She says the process started with a few people interested in learning the language and grew from there.

Creating the two volumes wasn’t easy: Gitxsan is considered an endangered language, with only about 1,000 speakers left.

Not one to shy away from a challenge, Combs met with local Elders and Knowledge Holders (many of whom are featured in the booklet) to collect words and phrases, and to gain insights on how health care can be improved from the Indigenous perspective.

A man and three women all display the new phrasebook.

Staff at Wrinch Memorial Hospital are happy to have this new resource. (Left to right: Doug Eftoda, Maintenance Manager; Linda Bonnefoy, Lifeskills Worker; Maureen den Toom, Manager, Patient Care Services; Jessica McFaul, Administrative Assistant)

Combs notes that while many community members can understand English, hearing your doctor say something as simple as “Hindahl wila win?” (“How are you?”) in Gitxsan “really makes you feel good.”

Combs and the Northwest East Indigenous Health Improvement Committee have given the booklet to health care providers at Wrinch Memorial Hospital to honour and support their ongoing commitment to cultural safety for everyone in the community. The booklet is pocket-sized, making it easy for doctors to use when talking to their patients.

To help non-Gitxsan-speakers feel more confident, the booklet spells out words and phrases phonetically alongside their English translations.

As well, Hazelton health care facilities will soon display posters featuring Gitxsan health care phrases. You can also get digital copies of the phrase book through Northern Health’s Indigenous Health website.

Shelby Petersen

About Shelby Petersen

Shelby is the Web Services Coordinator with Indigenous Health. Shelby has over five years of experience working in content development and digital marketing. After graduating with a degree in Political Science from UNBC, Shelby moved to Vancouver where she pursued a career in digital marketing. Most recently, Shelby was the Senior Content Developer and Project Manager with a digital advertising agency in Vancouver, British Columbia. Born and raised in Prince George, Shelby is thrilled to be back in the community and spending time outside enjoying everything that the North has to offer.

Share

NH staff member defends PhD thesis on First Nations identity, wins award

Jessie on convocation day, wearing the robes of a Ph.D. and a traditional cedar hat, and holding her degree.

Jessie on convocation day, wearing the robes of a Ph.D. and a traditional cedar hat.

In December 2018, we featured a story on Prince George resident and Northern Health staff member Jessie King presenting her Ph.D. thesis at an international conference in Ontario. Jessie has now successfully defended that thesis, gaining her doctorate in Health Sciences from the University of Northern British Columbia (UNBC).

“When my supervisor told me my thesis defense was successful, I just started crying and shaking because it’s been eight years,” says Jessie. “It was such a personal process.”

Jessie was also awarded the Pounamu Taonga Award, which recognizes an Aboriginal student who is graduating from UNBC for their academic achievements, university service, and community involvement.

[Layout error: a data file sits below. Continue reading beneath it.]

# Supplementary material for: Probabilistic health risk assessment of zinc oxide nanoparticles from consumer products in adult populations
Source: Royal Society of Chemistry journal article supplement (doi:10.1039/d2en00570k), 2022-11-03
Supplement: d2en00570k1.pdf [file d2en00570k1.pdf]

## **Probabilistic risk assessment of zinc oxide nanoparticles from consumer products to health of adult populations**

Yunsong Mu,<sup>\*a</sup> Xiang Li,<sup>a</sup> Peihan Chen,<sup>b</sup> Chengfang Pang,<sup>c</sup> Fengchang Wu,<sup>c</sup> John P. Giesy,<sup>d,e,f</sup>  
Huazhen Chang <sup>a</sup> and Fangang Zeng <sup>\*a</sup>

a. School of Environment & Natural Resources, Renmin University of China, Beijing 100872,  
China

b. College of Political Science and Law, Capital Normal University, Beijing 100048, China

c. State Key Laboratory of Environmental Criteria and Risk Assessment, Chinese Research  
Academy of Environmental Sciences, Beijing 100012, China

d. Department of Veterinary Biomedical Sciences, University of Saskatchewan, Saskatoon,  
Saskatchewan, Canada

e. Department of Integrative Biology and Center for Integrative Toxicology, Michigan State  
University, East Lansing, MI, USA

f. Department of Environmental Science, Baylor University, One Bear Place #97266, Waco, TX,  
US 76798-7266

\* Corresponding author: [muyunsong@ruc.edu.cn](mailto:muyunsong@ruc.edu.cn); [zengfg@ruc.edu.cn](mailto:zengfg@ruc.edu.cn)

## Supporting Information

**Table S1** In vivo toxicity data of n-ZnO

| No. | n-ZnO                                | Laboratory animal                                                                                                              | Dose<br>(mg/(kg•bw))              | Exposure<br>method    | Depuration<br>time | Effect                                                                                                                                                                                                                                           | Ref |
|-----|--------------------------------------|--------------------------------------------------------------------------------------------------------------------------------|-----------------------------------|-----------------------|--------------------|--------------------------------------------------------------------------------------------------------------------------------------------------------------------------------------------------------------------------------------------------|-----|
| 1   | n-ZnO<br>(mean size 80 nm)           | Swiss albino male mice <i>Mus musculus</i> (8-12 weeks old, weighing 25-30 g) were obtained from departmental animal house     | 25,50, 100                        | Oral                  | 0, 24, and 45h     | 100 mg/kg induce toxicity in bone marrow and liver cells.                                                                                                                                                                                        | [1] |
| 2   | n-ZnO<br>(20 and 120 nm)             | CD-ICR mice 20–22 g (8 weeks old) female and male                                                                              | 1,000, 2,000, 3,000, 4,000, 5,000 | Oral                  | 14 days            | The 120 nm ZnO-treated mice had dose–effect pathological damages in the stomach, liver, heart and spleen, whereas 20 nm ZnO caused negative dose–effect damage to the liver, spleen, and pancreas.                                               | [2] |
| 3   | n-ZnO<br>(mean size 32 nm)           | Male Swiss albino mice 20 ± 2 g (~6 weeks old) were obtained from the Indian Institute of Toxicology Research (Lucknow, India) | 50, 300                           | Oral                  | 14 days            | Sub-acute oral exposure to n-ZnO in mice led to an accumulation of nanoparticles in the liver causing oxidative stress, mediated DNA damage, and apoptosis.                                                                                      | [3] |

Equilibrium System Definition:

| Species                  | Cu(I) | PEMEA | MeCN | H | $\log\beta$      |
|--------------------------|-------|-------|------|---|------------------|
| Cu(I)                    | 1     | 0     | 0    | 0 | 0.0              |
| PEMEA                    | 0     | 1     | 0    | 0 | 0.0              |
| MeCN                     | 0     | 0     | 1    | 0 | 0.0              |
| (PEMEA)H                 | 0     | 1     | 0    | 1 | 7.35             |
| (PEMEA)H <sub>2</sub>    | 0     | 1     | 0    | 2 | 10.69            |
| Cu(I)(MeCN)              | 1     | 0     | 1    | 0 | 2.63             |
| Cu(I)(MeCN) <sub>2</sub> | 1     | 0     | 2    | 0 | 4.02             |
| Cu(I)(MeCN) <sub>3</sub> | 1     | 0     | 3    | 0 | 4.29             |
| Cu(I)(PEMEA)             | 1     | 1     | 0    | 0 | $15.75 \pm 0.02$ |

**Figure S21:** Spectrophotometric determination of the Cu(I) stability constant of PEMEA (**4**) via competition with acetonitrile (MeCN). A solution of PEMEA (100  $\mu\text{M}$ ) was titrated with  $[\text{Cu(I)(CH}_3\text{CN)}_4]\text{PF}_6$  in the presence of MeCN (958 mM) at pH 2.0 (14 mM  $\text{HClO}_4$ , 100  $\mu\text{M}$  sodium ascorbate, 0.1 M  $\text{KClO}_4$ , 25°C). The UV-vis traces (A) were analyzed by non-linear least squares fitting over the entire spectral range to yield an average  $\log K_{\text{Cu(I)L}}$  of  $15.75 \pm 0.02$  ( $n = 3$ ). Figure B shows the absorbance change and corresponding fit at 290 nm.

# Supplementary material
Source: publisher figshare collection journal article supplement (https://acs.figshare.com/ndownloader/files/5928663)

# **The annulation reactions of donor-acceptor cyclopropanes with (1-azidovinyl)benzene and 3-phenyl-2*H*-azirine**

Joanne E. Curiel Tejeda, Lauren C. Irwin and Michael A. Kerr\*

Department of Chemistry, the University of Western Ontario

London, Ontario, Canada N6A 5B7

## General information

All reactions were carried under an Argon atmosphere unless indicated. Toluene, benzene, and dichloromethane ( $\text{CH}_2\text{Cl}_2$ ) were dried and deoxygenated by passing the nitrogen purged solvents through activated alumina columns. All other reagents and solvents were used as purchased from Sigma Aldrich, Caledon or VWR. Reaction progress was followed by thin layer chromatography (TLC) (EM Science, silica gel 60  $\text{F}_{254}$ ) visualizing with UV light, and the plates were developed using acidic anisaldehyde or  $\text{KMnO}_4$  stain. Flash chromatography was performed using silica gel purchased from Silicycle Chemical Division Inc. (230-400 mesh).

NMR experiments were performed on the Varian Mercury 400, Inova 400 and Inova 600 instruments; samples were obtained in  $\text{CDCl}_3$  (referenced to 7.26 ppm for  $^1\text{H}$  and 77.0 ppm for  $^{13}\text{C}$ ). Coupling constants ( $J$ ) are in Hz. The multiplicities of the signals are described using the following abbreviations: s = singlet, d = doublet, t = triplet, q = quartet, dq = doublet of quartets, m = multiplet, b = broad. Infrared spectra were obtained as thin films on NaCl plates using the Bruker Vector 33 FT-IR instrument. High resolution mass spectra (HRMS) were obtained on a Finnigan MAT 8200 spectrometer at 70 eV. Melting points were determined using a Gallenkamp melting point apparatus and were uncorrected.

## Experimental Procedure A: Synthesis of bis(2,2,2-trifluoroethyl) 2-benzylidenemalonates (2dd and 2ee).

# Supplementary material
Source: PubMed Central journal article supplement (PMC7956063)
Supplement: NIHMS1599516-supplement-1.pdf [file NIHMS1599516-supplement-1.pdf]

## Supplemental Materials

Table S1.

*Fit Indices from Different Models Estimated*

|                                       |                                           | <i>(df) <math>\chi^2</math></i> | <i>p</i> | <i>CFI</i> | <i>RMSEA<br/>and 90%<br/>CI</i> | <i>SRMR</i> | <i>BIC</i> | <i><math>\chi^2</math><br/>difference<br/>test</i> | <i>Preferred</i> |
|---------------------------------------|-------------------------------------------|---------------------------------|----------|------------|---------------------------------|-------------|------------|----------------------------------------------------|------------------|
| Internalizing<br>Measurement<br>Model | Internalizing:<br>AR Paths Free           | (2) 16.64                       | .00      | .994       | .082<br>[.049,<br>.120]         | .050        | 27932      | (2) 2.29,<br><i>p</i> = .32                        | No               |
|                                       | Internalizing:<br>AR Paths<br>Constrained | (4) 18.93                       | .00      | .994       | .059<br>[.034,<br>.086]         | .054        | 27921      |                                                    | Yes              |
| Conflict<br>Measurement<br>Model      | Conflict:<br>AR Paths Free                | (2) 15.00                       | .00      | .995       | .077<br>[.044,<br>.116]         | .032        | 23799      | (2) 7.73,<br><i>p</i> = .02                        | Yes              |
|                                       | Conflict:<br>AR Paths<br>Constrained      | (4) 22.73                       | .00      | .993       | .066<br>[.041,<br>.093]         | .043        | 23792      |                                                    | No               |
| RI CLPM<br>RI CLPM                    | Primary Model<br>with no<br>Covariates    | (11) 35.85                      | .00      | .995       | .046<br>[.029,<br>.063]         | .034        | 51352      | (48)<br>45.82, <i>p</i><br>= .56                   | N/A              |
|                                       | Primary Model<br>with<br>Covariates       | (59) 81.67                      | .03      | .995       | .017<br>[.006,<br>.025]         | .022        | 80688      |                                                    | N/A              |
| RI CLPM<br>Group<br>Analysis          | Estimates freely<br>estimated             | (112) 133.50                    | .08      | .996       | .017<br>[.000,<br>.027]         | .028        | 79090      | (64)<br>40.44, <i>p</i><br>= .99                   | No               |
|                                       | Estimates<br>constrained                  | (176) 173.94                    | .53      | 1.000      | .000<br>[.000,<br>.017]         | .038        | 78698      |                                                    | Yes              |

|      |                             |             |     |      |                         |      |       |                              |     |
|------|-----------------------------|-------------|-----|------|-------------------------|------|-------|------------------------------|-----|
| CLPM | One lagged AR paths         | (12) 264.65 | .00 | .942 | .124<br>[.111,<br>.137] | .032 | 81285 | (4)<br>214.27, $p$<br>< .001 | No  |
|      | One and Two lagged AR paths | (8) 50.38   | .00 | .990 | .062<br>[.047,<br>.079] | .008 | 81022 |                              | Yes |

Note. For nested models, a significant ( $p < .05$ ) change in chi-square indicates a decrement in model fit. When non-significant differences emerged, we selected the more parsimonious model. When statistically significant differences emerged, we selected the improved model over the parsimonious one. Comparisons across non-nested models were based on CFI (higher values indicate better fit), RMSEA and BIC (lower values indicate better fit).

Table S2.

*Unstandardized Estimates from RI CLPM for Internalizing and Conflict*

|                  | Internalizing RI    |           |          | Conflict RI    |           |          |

Jessie, who works in Northern Health’s Indigenous Health department as the Lead, Research and Community Engagement, titled her thesis “Niit nüüyu gwa’a: Decolonizing and Deconstructing First Nations Identity.”

The first part of the title is Sm’algyax (a dialect of the Tsimsham language) for “This is who I am.” She chose this title to acknowledge the intensive 10-year exploration of her identity and to honour her maternal ties to Gitxaala and the Tsimshian Nation.

Some of the questions that her thesis examined include:

  • Does how you disclose your identity change based on different situations and your perceived level of safety?
  • What are the implications of status on your identity?

“I had such a fantastic supervisory committee,” says Jessie, who hopes to publish her dissertation.

Her next adventure will include post-doctoral activities and teaching a course on research methods and design for the First Nations Studies department of UNBC.

“It will be nice to get my foot back in the teaching door,” she says.

For now, she’s enjoying plenty of well-deserved quality time with her family.

Congratulations to Jessie on her many achievements!

Anne Scott

About Anne Scott

Anne is a communications officer at Northern Health; she lives in Prince George with her husband Andrew Watkinson. Her current health goals are to do a pull-up and more than one consecutive “real” push-up. She also dreams of becoming a master’s level competitive sprinter and finding a publisher for her children’s book on colourblindness. Anne enjoys cycling, cross-country skiing, reading, writing, sugar-free chocolate, and napping -- sometimes all on the same day!

Share

Fun and learning at the first Northern BC Indigenous Youth Summer Science Camp

Campers and an adult circle a simulation dummy, feeling its chest.

Campers visit the simulation lab at the University Hospital of Northern BC.

This summer, 18 Indigenous students from urban and rural Northern BC communities traveled to the University of Northern BC (UNBC) to participate in the first ever Northern BC Indigenous Youth Summer Science Camp.

The purpose of the camp was to introduce Indigenous youth entering grades five to eight to the post-secondary environment, and inspire them to learn about and pursue health- and science-related careers in the North.